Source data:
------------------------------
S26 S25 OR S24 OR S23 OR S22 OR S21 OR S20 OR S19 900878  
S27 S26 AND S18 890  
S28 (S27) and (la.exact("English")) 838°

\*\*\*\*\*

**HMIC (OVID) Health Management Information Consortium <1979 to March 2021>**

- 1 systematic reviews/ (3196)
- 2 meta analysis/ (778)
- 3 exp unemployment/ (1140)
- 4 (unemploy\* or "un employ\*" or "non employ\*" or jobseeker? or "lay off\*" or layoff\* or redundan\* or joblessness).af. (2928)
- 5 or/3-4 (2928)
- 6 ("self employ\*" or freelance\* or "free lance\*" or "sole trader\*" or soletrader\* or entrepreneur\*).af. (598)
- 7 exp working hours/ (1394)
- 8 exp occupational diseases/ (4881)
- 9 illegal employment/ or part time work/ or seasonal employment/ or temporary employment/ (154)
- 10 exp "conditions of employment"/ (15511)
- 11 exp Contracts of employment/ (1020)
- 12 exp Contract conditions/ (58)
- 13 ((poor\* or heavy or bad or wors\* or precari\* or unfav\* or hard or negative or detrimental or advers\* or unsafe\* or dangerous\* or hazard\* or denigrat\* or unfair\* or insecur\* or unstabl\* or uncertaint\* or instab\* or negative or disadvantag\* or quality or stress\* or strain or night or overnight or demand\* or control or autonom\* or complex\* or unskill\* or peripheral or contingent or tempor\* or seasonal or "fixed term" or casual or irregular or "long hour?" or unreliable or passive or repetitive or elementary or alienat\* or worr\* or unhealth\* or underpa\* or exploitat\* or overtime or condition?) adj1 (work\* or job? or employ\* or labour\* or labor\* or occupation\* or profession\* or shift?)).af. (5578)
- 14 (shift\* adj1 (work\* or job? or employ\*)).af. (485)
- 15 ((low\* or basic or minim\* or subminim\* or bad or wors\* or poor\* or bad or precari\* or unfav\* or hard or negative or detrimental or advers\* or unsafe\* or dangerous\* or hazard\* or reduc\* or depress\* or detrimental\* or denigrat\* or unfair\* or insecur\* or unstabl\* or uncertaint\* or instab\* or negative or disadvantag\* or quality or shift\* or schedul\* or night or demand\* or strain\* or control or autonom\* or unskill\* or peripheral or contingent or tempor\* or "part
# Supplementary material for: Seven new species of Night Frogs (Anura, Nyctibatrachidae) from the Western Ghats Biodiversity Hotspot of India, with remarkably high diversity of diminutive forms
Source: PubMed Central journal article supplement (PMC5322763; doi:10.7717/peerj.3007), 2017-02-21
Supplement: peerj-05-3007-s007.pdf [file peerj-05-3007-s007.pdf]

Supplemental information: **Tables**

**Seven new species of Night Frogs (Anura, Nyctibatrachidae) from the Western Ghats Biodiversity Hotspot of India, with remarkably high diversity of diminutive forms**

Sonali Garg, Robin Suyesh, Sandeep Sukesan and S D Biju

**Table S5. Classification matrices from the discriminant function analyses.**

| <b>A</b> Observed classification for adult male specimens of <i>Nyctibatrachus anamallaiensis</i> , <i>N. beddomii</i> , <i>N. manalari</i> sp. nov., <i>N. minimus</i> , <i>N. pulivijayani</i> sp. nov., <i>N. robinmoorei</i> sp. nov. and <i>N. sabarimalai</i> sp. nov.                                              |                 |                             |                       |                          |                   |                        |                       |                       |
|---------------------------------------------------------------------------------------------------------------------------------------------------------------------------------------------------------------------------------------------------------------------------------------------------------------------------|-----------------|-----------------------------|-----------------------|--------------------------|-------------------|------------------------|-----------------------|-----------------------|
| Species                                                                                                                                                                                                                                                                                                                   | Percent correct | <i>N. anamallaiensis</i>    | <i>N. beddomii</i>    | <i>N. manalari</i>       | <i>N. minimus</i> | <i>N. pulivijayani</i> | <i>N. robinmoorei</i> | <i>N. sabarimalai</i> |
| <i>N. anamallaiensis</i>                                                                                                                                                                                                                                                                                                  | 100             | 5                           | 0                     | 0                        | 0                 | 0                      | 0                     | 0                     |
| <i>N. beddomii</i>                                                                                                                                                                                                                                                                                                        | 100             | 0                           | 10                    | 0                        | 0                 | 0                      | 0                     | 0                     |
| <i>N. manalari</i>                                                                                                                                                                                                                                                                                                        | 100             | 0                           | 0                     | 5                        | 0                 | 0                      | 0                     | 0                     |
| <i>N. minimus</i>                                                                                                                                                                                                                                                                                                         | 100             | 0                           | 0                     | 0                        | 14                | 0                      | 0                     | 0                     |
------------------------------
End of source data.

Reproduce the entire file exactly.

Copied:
S26 S25 OR S24 OR S23 OR S22 OR S21 OR S20 OR S19 900878  
S27 S26 AND S18 890  
S28 (S27) and (la.exact("English")) 838°

\*\*\*\*\*

**HMIC (OVID) Health Management Information Consortium <1979 to March 2021>**

- 1 systematic reviews/ (3196)
- 2 meta analysis/ (778)
- 3 exp unemployment/ (1140)
- 4 (unemploy\* or "un employ\*" or "non employ\*" or jobseeker? or "lay off\*" or layoff\* or redundan\* or joblessness).af. (2928)
- 5 or/3-4 (2928)
- 6 ("self employ\*" or freelance\* or "free lance\*" or "sole trader\*" or soletrader\* or entrepreneur\*).af. (598)
- 7 exp working hours/ (1394)
- 8 exp occupational diseases/ (4881)
- 9 illegal employment/ or part time work/ or seasonal employment/ or temporary employment/ (154)
- 10 exp "conditions of employment"/ (15511)
- 11 exp Contracts of employment/ (1020)
- 12 exp Contract conditions/ (58)
- 13 ((poor\* or heavy or bad or wors\* or precari\* or unfav\* or hard or negative or detrimental or advers\* or unsafe\* or dangerous\* or hazard\* or denigrat\* or unfair\* or insecur\* or unstabl\* or uncertaint\* or instab\* or negative or disadvantag\* or quality or stress\* or strain or night or overnight or demand\* or control or autonom\* or complex\* or unskill\* or peripheral or contingent or tempor\* or seasonal or "fixed term" or casual or irregular or "long hour?" or unreliable or passive or repetitive or elementary or alienat\* or worr\* or unhealth\* or underpa\* or exploitat\* or overtime or condition?) adj1 (work\* or job? or employ\* or labour\* or labor\* or occupation\* or profession\* or shift?)).af. (5578)
- 14 (shift\* adj1 (work\* or job? or employ\*)).af. (485)
- 15 ((low\* or basic or minim\* or subminim\* or bad or wors\* or poor\* or bad or precari\* or unfav\* or hard or negative or detrimental or advers\* or unsafe\* or dangerous\* or hazard\* or reduc\* or depress\* or detrimental\* or denigrat\* or unfair\* or insecur\* or unstabl\* or uncertaint\* or instab\* or negative or disadvantag\* or quality or shift\* or schedul\* or night or demand\* or strain\* or control or autonom\* or unskill\* or peripheral or contingent or tempor\* or "part
# Supplementary material for: Seven new species of Night Frogs (Anura, Nyctibatrachidae) from the Western Ghats Biodiversity Hotspot of India, with remarkably high diversity of diminutive forms
Source: PubMed Central journal article supplement (PMC5322763; doi:10.7717/peerj.3007), 2017-02-21
Supplement: peerj-05-3007-s007.pdf [file peerj-05-3007-s007.pdf]

Supplemental information: **Tables**

**Seven new species of Night Frogs (Anura, Nyctibatrachidae) from the Western Ghats Biodiversity Hotspot of India, with remarkably high diversity of diminutive forms**

Sonali Garg, Robin Suyesh, Sandeep Sukesan and S D Biju

**Table S5. Classification matrices from the discriminant function analyses.**

| <b>A</b> Observed classification for adult male specimens of <i>Nyctibatrachus anamallaiensis</i> , <i>N. beddomii</i> , <i>N. manalari</i> sp. nov., <i>N. minimus</i> , <i>N. pulivijayani</i> sp. nov., <i>N. robinmoorei</i> sp. nov. and <i>N. sabarimalai</i> sp. nov.                                              |                 |                             |                       |                          |                   |                        |                       |                       |
|---------------------------------------------------------------------------------------------------------------------------------------------------------------------------------------------------------------------------------------------------------------------------------------------------------------------------|-----------------|-----------------------------|-----------------------|--------------------------|-------------------|------------------------|-----------------------|-----------------------|
| Species                                                                                                                                                                                                                                                                                                                   | Percent correct | <i>N. anamallaiensis</i>    | <i>N. beddomii</i>    | <i>N. manalari</i>       | <i>N. minimus</i> | <i>N. pulivijayani</i> | <i>N. robinmoorei</i> | <i>N. sabarimalai</i> |
| <i>N. anamallaiensis</i>                                                                                                                                                                                                                                                                                                  | 100             | 5                           | 0                     | 0                        | 0                 | 0                      | 0                     | 0                     |
| <i>N. beddomii</i>                                                                                                                                                                                                                                                                                                        | 100             | 0                           | 10                    | 0                        | 0                 | 0                      | 0                     | 0                     |
| <i>N. manalari</i>                                                                                                                                                                                                                                                                                                        | 100             | 0                           | 0                     | 5                        | 0                 | 0                      | 0                     | 0                     |
| <i>N. minimus</i>                                                                                                                                                                                                                                                                                                         | 100             | 0                           | 0                     | 0                        | 14                | 0                      | 0                     | 0                     |